Guyana and Venezuela established diplomatic relations on April 19, 1975 [1], notwithstanding their century plus prolonged territorial dispute. The territory in dispute-the Essequibo region- represents a significant part of Guyana’s territory, approximately 2/3; and correlatively by extension, a significant maritime claim of the territorial sea, contiguous zone, continental shelf, and economic exclusive zone given the geography of the territorial claim. Please refer to the pic below.

caribbeannationalweekly.com [2]

In these disputed maritime zones, littoral States have significant treaty obligations, inclusive of the exercise of restraint. While Venezuela has not ratified the third United Nations Law of the Sea Convention (UNCLOS-1982), it recognizes like the USA, that customary norms of international law are reflected in the codified UNCLOS, and is therefore a source of law subscribed to. Guyana on the other hand is a party to the convention, and sought recourse to the ICJ through one of its mechanisms in a maritime dispute with Suriname.

The feasibility of joint exploitation of resources in disputed zones offshore by the two countries as an interim dispute settlement measure is instructively urgent, especially against the backdrop of an imminent threat of dramatic reduction or ban on new investments in the development of offshore oil and gas resources. This notwithstanding, the United Kingdom (UK) plans to issue licences to develop new prospects in the North Sea [3], a move which environmentalists argue runs counter to the UK’s net-zero emissions predictions.

The legal framework within which such negotiations may transpire is anchored in UNCLOS Articles 74 (3) and 83 (3), which treat with the Continental Shelf (CS) and Exclusive Economic Zone (EEZ), and provide commonly that there are four (4) obligations of States where the EEZ and CS overlap:1. to conduct a delimitation of their overlapping zones by agreement (Articles 74(1)) and 83(1);2. to resort to the dispute settlement procedures of Part XV of the UNCLOS, when no agreement can be reached within a reasonable period (Articles 74(2) and 83(2);3. pending an agreement to make every effort to enter into provisional arrangements of a practical nature (Articles 74(3) and 83(3); and not to jeopardize or hamper the reaching of a boundary agreement (Articles 73(3) and 83(3).[4]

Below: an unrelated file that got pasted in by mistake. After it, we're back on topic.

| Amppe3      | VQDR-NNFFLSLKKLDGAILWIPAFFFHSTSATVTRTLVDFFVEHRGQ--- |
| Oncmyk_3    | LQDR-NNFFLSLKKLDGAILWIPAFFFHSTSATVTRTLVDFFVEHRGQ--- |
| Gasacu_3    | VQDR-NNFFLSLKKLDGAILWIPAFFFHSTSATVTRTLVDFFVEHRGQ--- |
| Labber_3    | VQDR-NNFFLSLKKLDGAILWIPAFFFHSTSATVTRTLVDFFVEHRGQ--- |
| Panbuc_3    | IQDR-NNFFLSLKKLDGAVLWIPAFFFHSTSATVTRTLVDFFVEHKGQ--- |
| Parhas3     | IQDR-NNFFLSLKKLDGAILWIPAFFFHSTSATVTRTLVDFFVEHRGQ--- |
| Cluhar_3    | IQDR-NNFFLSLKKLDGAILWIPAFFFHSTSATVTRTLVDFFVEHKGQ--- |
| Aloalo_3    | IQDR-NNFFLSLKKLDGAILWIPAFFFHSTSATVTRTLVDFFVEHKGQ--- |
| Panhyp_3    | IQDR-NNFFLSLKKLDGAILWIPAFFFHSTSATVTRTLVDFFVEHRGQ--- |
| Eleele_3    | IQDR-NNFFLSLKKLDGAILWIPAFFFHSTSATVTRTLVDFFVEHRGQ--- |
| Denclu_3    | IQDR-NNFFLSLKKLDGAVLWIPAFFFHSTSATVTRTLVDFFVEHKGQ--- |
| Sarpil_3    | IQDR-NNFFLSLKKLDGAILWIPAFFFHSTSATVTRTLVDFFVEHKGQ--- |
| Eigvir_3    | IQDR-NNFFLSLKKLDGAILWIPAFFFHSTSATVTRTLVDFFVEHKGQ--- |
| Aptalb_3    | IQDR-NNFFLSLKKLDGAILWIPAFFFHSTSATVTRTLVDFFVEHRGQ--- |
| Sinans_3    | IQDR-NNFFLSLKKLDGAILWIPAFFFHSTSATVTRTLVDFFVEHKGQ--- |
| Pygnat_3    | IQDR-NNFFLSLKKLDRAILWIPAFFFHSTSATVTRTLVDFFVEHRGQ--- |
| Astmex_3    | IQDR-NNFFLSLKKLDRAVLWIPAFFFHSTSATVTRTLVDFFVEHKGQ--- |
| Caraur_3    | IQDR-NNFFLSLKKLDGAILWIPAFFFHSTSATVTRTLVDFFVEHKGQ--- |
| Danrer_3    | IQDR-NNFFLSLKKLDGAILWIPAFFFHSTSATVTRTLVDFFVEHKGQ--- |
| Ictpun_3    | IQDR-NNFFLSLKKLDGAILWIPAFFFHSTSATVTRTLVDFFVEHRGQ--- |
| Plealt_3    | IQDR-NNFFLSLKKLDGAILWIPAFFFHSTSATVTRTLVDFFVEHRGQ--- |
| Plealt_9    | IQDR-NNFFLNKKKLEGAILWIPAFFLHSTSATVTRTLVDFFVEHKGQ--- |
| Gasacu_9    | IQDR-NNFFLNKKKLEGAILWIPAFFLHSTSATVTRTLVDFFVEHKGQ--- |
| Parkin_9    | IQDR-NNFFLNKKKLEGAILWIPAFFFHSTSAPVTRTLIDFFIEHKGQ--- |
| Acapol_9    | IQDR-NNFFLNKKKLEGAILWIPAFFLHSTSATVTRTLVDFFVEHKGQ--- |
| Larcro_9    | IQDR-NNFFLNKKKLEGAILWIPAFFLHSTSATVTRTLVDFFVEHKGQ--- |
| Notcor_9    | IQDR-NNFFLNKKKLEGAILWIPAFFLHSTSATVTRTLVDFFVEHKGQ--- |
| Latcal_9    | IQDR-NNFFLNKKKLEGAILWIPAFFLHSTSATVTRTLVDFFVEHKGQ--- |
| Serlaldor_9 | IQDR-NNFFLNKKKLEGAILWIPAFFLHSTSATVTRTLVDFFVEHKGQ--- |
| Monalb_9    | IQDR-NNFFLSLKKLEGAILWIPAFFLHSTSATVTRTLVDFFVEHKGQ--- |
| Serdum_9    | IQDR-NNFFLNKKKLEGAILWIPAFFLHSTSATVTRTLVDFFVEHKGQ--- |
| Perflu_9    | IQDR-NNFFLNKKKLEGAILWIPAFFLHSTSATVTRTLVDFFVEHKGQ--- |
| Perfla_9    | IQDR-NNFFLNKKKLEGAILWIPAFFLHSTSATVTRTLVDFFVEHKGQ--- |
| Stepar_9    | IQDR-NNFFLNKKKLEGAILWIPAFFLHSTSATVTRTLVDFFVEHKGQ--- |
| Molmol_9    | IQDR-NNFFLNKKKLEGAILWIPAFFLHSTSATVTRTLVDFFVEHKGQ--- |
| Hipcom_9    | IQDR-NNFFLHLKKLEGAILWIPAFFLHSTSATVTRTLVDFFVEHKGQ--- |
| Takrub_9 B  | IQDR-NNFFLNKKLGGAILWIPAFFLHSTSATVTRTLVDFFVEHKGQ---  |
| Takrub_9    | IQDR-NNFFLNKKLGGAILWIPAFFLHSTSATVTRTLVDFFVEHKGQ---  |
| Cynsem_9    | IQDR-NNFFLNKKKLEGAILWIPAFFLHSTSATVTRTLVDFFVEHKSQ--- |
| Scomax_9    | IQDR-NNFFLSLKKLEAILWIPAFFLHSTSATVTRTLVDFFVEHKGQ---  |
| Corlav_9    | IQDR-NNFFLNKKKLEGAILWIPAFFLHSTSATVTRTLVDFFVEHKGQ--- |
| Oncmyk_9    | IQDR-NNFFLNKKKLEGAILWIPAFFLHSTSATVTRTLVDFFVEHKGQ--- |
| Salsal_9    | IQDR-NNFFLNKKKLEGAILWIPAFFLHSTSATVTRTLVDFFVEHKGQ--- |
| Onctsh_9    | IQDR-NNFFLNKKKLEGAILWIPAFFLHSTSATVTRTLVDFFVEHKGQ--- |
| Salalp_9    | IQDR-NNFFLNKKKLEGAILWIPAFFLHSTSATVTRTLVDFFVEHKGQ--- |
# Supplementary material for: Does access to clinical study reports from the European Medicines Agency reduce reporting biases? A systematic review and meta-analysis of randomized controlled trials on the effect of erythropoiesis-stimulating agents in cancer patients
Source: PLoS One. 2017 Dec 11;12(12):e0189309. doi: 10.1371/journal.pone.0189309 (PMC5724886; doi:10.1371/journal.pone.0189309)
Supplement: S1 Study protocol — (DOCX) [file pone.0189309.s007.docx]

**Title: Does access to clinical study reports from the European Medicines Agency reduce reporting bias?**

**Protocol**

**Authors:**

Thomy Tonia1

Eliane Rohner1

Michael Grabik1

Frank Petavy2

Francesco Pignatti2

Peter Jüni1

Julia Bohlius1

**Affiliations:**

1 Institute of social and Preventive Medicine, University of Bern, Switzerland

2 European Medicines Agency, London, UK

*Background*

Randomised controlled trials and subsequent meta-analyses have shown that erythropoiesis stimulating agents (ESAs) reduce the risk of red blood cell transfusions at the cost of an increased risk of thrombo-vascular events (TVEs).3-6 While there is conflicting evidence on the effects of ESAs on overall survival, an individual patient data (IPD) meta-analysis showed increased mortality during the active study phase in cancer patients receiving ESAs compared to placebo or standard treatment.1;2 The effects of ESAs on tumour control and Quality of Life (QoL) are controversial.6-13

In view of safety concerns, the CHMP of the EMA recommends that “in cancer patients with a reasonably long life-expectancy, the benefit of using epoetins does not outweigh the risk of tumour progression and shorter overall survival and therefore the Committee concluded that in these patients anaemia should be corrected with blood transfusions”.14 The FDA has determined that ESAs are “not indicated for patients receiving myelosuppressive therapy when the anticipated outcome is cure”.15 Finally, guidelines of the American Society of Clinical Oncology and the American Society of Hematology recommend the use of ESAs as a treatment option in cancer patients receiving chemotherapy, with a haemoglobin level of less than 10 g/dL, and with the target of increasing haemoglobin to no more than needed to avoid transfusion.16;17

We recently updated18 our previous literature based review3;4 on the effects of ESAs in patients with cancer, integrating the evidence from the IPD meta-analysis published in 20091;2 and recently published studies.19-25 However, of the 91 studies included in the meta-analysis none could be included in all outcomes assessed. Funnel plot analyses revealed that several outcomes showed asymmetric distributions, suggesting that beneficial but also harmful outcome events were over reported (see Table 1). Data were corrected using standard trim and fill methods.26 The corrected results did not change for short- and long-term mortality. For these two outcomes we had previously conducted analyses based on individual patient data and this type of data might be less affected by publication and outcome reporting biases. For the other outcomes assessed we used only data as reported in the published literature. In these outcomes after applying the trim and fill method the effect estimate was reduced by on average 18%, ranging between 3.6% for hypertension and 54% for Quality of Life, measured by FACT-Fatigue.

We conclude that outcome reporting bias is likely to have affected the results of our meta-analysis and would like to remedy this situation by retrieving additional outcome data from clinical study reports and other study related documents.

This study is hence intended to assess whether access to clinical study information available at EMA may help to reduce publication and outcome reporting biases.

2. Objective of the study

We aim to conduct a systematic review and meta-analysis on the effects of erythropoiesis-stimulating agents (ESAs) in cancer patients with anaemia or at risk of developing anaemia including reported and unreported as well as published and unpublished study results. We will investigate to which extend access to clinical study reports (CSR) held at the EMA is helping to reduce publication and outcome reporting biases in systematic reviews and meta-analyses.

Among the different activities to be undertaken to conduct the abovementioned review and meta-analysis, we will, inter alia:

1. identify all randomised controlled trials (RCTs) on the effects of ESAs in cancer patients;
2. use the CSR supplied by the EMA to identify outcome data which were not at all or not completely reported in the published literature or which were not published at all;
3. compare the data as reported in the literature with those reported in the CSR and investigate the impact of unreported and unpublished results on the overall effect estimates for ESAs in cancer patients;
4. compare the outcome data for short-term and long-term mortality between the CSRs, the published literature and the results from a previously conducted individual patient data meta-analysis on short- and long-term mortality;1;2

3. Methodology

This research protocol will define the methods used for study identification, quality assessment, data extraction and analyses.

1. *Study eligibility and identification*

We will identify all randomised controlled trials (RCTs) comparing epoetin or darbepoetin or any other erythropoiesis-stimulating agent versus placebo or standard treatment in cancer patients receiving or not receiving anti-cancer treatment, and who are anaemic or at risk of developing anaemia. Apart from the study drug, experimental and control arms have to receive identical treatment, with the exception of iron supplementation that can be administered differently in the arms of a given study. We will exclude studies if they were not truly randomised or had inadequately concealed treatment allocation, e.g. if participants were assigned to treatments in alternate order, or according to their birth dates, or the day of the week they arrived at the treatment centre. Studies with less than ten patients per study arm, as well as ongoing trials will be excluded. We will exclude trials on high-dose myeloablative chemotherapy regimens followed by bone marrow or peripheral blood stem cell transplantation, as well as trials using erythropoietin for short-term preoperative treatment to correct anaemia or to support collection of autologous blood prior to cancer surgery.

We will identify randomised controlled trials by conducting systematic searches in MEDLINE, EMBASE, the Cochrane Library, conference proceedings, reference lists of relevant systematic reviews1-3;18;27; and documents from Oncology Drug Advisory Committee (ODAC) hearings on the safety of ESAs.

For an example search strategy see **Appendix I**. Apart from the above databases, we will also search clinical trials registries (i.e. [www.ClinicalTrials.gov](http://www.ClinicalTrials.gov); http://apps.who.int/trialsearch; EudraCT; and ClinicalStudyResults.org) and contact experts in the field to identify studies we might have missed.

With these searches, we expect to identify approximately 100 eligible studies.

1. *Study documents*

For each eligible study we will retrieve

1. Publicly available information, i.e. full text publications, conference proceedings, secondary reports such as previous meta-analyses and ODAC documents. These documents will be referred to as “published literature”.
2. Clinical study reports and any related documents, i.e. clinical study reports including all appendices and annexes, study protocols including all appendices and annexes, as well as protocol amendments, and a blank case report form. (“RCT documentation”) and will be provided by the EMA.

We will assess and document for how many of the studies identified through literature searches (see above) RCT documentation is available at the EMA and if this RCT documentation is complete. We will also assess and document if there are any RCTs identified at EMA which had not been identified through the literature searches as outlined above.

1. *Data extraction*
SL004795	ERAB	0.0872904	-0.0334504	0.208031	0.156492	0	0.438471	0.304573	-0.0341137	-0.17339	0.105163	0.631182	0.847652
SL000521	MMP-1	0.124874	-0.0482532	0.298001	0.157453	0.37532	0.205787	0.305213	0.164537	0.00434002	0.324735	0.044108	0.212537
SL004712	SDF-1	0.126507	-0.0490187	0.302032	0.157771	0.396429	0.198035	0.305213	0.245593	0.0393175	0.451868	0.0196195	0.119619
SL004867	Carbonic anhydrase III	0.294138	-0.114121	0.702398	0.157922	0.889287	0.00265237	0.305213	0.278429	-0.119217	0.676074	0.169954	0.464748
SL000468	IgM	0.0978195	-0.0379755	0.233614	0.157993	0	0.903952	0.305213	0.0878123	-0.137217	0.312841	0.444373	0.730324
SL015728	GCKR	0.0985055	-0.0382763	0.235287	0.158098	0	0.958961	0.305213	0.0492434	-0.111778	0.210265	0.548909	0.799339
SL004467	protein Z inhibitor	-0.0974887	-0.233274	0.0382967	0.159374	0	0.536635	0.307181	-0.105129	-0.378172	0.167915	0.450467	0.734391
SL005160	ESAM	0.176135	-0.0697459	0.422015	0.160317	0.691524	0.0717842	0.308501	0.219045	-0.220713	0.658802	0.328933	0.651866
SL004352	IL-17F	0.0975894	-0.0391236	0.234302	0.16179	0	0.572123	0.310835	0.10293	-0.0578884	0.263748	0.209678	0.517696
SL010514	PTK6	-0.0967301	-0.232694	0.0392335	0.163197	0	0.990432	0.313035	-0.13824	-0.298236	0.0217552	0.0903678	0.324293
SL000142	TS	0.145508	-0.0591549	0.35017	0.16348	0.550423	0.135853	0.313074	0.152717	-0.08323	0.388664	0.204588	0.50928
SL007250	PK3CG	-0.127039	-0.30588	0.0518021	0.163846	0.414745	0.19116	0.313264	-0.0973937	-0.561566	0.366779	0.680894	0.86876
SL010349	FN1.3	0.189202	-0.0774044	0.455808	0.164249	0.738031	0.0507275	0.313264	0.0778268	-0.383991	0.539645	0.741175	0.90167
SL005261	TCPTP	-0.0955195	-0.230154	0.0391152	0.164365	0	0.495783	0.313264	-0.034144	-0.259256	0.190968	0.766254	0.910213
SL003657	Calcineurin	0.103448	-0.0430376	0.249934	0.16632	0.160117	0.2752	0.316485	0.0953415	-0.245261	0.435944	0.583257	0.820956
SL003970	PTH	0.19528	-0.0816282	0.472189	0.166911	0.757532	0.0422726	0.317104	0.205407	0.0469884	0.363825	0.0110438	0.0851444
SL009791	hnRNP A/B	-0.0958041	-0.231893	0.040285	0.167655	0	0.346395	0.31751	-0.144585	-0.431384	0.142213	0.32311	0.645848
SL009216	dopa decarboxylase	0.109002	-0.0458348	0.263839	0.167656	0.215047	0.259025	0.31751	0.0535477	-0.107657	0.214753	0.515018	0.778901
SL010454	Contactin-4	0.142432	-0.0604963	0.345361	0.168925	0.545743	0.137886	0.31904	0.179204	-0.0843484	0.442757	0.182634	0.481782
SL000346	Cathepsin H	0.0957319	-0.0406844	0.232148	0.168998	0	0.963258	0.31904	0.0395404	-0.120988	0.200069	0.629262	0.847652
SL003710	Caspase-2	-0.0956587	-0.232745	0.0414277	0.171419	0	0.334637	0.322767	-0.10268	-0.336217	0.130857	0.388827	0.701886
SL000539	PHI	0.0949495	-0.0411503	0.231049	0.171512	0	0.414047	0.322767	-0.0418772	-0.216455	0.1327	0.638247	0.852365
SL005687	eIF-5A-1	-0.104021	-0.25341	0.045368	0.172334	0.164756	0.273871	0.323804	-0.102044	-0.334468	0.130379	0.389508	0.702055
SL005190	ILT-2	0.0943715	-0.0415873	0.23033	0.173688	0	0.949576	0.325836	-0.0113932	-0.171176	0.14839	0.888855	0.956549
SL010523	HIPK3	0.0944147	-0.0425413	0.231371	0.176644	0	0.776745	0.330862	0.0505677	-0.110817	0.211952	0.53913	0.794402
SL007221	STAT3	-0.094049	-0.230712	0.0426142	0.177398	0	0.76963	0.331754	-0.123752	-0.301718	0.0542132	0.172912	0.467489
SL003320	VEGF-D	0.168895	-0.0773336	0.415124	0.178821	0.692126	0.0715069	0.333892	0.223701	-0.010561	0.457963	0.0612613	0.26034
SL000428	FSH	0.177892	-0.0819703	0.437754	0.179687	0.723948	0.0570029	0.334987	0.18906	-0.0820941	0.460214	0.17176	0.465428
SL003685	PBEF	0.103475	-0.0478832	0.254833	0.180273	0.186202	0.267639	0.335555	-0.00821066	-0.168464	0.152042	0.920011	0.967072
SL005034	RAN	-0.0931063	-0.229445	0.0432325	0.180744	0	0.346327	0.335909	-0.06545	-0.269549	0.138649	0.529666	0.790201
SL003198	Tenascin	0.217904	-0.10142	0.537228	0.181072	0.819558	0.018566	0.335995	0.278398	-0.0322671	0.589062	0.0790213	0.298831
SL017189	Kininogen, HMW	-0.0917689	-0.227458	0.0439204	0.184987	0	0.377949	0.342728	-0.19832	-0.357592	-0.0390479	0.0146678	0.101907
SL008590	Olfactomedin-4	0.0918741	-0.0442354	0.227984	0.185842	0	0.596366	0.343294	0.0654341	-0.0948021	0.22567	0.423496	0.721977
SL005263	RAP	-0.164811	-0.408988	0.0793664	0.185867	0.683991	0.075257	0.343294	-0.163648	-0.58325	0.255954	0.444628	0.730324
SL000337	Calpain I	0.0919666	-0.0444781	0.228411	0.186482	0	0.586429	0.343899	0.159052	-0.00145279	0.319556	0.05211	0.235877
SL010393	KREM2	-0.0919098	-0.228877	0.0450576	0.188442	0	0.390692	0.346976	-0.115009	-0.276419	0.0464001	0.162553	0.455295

As such, it mandates, inter alia, the disputing States to enter into a provisional arrangement of a practical nature as a resort to peaceful means of settling the dispute. This requires Venezuela and Guyana to establish a mutual comprehension of the zone in dispute and its resources, to exchange views, as required by the obligations set under Article 283 of UNCLOS, which additionally, sets forth the choice of procedure and by extension, the obligation to inform the public as to what means may have failed. 

The legal basis of a Joint Development Agreement (JDA) for maritime boundary delimitation with which this article is largely concerned, is an agreement regulated by either international customary law, international agreements and/or conventions, where related regulatory articles may be found. In the Guyana -Venezuela scenario, where the latter is not a party to UNCLOS, the North Sea Continental Shelf case provides guidance. The ICJ found that, although the Federal Republic of Germany had signed but not yet ratified the 1958 Geneva Convention on the Continental Shelf when examining the delimitation in Article 6 as to whether it should be applied  or not to demarcate the boundary between Germany, Denmark and the Netherlands, Germany could not be contractually bound by the Convention in the absence of ratification, however; that did not necessarily preclude a State from being bound by estoppel, since the State’s past conduct and declarations were sufficient to induce detrimental reliance by other States. The ICJ rejected the argument that Germany was bound by Article 6 through the doctrine of estoppel, finding Germany’s acts did not provide clear acceptance of the delimitation regime, but that it could be bound notwithstanding, by customary international law or general international law [5]. It is worth noting, that the settlement of the permanent demarcation line may be referred to any of the peaceful means of settlement, while it is also possible to establish provisional JDA measures as a permanent settlement of the lines drawn over time.